Most of us know the story now - Edmonton Oilers stick boy dreams big, stays small, forges an incredible WHL career (even better than then and future teammate Pat Faloon's!), and breaks into the San Jose Sharks roster at the tender age of 19. After slogging through some horrific teams in San Jose (and after a brief stop with the Edmonton Oilers), he emerges as a legit NHL forward with the Florida Panthers, doing yeoman's work on some marginal teams on his way to where he is now, 23 points away from 1,000. A stats-inclined person should know better than to be so interested in milestones, but things like 1,000 points and 500 goals seem to have the shared respect of many - we know it is difficult to play, and play well enough, to reach those milestones.
We tend to notice the meteors, the players who get to 1,000 in 9 to 12 seasons - certainly I do, because I was quite surprised to look at Whitney's career numbers and realize that he could potentially get to 1,000. Part of my confusion was the result of the way that a lot of fans will look at his numbers:
|Player||GP||50 G Seasons||60 A "||100 P "||Career G||A||P|
The players in the category of having neither 50-goal, 60-assist, nor 100-point seasons, yet still accomplishing a 1,000-point career, are few and far between. I think they depict an interesting split - Hall of Famers from an era of average scoring but shorter seasons, and non-Hall of Famers considerably aided by the high-scoring 1980s. Whitney, on the other hand, comes from an era of low scoring in the NHL; does that make him a Hall of Famer? I don't know. But I do know that we can look deeper into Ray Whitney's career to see just how likely his career has been.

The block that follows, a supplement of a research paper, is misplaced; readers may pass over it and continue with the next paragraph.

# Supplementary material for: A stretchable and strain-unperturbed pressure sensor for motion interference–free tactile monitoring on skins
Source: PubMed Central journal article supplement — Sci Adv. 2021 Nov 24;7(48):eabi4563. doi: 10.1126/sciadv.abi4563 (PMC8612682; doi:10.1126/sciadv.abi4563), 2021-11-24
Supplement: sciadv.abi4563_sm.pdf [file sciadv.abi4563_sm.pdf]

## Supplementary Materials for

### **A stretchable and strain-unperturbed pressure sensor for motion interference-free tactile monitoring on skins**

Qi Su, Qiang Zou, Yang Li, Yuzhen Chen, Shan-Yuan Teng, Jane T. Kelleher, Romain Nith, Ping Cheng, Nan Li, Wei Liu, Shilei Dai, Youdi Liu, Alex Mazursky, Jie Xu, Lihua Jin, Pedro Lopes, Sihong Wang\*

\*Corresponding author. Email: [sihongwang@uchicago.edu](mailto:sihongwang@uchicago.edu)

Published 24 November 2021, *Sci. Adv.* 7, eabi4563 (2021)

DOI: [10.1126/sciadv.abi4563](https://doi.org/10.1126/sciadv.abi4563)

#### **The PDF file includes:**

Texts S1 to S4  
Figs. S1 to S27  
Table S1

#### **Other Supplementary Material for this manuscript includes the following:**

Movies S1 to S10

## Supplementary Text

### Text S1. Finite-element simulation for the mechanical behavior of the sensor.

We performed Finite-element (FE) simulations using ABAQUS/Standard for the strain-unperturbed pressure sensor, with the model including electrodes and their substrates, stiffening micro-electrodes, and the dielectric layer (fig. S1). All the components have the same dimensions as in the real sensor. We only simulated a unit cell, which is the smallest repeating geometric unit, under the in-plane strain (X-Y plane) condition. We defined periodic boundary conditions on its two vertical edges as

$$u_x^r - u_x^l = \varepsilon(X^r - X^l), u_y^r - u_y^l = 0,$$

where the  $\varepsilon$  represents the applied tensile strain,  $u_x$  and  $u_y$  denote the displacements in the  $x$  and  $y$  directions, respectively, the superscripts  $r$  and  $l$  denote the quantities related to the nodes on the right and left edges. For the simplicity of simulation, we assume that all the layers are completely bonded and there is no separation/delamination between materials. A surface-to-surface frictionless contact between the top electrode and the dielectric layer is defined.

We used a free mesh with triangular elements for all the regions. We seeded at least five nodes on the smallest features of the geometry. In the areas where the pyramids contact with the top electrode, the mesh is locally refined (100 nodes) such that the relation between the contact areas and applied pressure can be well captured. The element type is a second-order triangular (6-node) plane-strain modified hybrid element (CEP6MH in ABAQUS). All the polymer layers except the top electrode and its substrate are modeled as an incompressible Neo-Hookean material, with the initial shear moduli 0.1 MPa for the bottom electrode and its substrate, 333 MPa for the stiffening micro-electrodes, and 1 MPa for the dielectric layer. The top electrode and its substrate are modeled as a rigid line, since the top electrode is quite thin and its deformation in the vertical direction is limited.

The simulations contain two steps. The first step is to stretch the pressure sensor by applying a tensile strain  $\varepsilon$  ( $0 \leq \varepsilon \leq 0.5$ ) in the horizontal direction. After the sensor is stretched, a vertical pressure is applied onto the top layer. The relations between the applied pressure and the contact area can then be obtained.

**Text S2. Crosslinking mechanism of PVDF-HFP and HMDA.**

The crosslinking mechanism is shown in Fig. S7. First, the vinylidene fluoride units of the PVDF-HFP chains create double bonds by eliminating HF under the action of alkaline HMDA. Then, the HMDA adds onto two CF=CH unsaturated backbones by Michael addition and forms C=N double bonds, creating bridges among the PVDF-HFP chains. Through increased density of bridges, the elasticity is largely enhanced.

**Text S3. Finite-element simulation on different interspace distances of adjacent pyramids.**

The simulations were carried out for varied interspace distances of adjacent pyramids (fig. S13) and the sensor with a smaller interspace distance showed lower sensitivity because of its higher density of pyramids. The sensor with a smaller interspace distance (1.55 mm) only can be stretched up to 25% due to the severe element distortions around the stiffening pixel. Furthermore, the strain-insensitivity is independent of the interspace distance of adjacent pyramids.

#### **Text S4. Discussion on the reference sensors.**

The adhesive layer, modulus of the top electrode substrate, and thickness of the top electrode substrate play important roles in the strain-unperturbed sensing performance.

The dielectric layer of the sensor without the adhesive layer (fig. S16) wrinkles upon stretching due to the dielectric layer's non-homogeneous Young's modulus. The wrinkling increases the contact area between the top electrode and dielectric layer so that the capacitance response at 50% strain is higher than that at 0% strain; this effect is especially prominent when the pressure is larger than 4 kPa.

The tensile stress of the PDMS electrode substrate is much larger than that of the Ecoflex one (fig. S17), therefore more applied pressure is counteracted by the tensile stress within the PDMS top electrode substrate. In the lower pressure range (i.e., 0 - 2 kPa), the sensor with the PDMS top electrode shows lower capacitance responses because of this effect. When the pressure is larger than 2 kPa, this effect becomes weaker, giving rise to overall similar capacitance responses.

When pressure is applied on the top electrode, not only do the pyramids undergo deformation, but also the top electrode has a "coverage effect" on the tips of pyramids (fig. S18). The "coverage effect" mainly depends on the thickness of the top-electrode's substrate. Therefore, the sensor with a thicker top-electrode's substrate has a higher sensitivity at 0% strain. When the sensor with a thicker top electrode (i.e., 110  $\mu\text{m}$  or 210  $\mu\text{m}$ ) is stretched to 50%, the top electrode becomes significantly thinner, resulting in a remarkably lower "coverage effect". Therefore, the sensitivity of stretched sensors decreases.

It's an interesting word to use, "likely," because it calls into question not just talent (though I've no doubt Ray Whitney has a lot of talent, few NHLers make it to 1,000 games without it), but also environment - season length, level of scoring in the era, and also the offensive ability of a person's team. At the base level, I wanted to look at where all these things converge, and determine at what amount of games played can we expect a player to reach 1,000 points. Using the historical player population:
As you can see, I did two things: 1) I kept forwards separate from defencemen, for obvious reasons, and 2) I'm only looking at players that have played 900 games or more. I take plenty of risk by slicing it like this, but I feel you take just as much risk by assuming players who played less than 900 games would've made it. By this line, you can expect that a forward playing approximately 1,236 games would accomplish 1,000 points. So in that regard, Whitney's pretty much right in line with averages, assuming average era and average teammates relative to this player population.
An aside...with the above established, we can also see the guys who dragged their numbers kicking and screaming above 1,000. Using the equation to establish an expected points total, I looked at the players who underperformed it:
|Name||GP||G||A||Pts||Exp P||Pts-Exp||Pct Likely to Reach 1K|
Per our equation, Brind'Amour was 100% likely by that point in his career to hit 1,000, but to his credit he far eclipsed it. Verbeek and Hunter, on the other hand...